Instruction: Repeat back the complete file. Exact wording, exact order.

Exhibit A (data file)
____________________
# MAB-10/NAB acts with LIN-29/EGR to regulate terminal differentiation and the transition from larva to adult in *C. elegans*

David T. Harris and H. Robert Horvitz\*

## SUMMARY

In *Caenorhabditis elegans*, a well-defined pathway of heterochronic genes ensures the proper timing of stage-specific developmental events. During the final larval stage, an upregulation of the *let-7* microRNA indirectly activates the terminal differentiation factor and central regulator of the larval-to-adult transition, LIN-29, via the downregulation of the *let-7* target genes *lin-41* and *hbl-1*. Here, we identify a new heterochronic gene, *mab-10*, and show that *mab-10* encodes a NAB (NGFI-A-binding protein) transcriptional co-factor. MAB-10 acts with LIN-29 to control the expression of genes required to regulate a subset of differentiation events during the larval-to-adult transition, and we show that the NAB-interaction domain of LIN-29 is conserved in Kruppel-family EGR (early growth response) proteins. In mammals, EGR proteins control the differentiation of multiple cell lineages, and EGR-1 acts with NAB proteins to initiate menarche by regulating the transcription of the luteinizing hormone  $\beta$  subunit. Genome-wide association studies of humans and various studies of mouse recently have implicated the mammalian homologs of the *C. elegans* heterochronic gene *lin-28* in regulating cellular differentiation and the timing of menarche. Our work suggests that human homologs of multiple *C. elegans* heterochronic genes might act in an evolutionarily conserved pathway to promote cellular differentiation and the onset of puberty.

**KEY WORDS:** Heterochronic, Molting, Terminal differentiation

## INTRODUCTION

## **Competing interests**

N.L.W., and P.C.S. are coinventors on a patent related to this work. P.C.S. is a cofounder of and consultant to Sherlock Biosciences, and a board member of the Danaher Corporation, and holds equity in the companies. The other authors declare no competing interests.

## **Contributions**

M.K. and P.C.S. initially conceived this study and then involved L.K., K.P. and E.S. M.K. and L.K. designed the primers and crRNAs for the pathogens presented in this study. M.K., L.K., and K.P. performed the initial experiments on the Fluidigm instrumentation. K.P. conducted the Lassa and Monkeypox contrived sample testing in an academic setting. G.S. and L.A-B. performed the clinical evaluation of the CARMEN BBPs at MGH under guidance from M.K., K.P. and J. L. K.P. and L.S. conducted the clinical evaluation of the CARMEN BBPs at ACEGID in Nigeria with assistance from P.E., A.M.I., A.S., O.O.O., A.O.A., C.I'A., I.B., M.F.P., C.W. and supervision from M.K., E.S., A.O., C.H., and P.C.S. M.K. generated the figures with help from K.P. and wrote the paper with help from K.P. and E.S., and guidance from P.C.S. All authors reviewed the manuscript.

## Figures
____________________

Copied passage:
# MAB-10/NAB acts with LIN-29/EGR to regulate terminal differentiation and the transition from larva to adult in *C. elegans*

David T. Harris and H. Robert Horvitz\*

## SUMMARY

In *Caenorhabditis elegans*, a well-defined pathway of heterochronic genes ensures the proper timing of stage-specific developmental events. During the final larval stage, an upregulation of the *let-7* microRNA indirectly activates the terminal differentiation factor and central regulator of the larval-to-adult transition, LIN-29, via the downregulation of the *let-7* target genes *lin-41* and *hbl-1*. Here, we identify a new heterochronic gene, *mab-10*, and show that *mab-10* encodes a NAB (NGFI-A-binding protein) transcriptional co-factor. MAB-10 acts with LIN-29 to control the expression of genes required to regulate a subset of differentiation events during the larval-to-adult transition, and we show that the NAB-interaction domain of LIN-29 is conserved in Kruppel-family EGR (early growth response) proteins. In mammals, EGR proteins control the differentiation of multiple cell lineages, and EGR-1 acts with NAB proteins to initiate menarche by regulating the transcription of the luteinizing hormone  $\beta$  subunit. Genome-wide association studies of humans and various studies of mouse recently have implicated the mammalian homologs of the *C. elegans* heterochronic gene *lin-28* in regulating cellular differentiation and the timing of menarche. Our work suggests that human homologs of multiple *C. elegans* heterochronic genes might act in an evolutionarily conserved pathway to promote cellular differentiation and the onset of puberty.

**KEY WORDS:** Heterochronic, Molting, Terminal differentiation

## INTRODUCTION

## **Competing interests**

N.L.W., and P.C.S. are coinventors on a patent related to this work. P.C.S. is a cofounder of and consultant to Sherlock Biosciences, and a board member of the Danaher Corporation, and holds equity in the companies. The other authors declare no competing interests.

## **Contributions**

M.K. and P.C.S. initially conceived this study and then involved L.K., K.P. and E.S. M.K. and L.K. designed the primers and crRNAs for the pathogens presented in this study. M.K., L.K., and K.P. performed the initial experiments on the Fluidigm instrumentation. K.P. conducted the Lassa and Monkeypox contrived sample testing in an academic setting. G.S. and L.A-B. performed the clinical evaluation of the CARMEN BBPs at MGH under guidance from M.K., K.P. and J. L. K.P. and L.S. conducted the clinical evaluation of the CARMEN BBPs at ACEGID in Nigeria with assistance from P.E., A.M.I., A.S., O.O.O., A.O.A., C.I'A., I.B., M.F.P., C.W. and supervision from M.K., E.S., A.O., C.H., and P.C.S. M.K. generated the figures with help from K.P. and wrote the paper with help from K.P. and E.S., and guidance from P.C.S. All authors reviewed the manuscript.

## Figures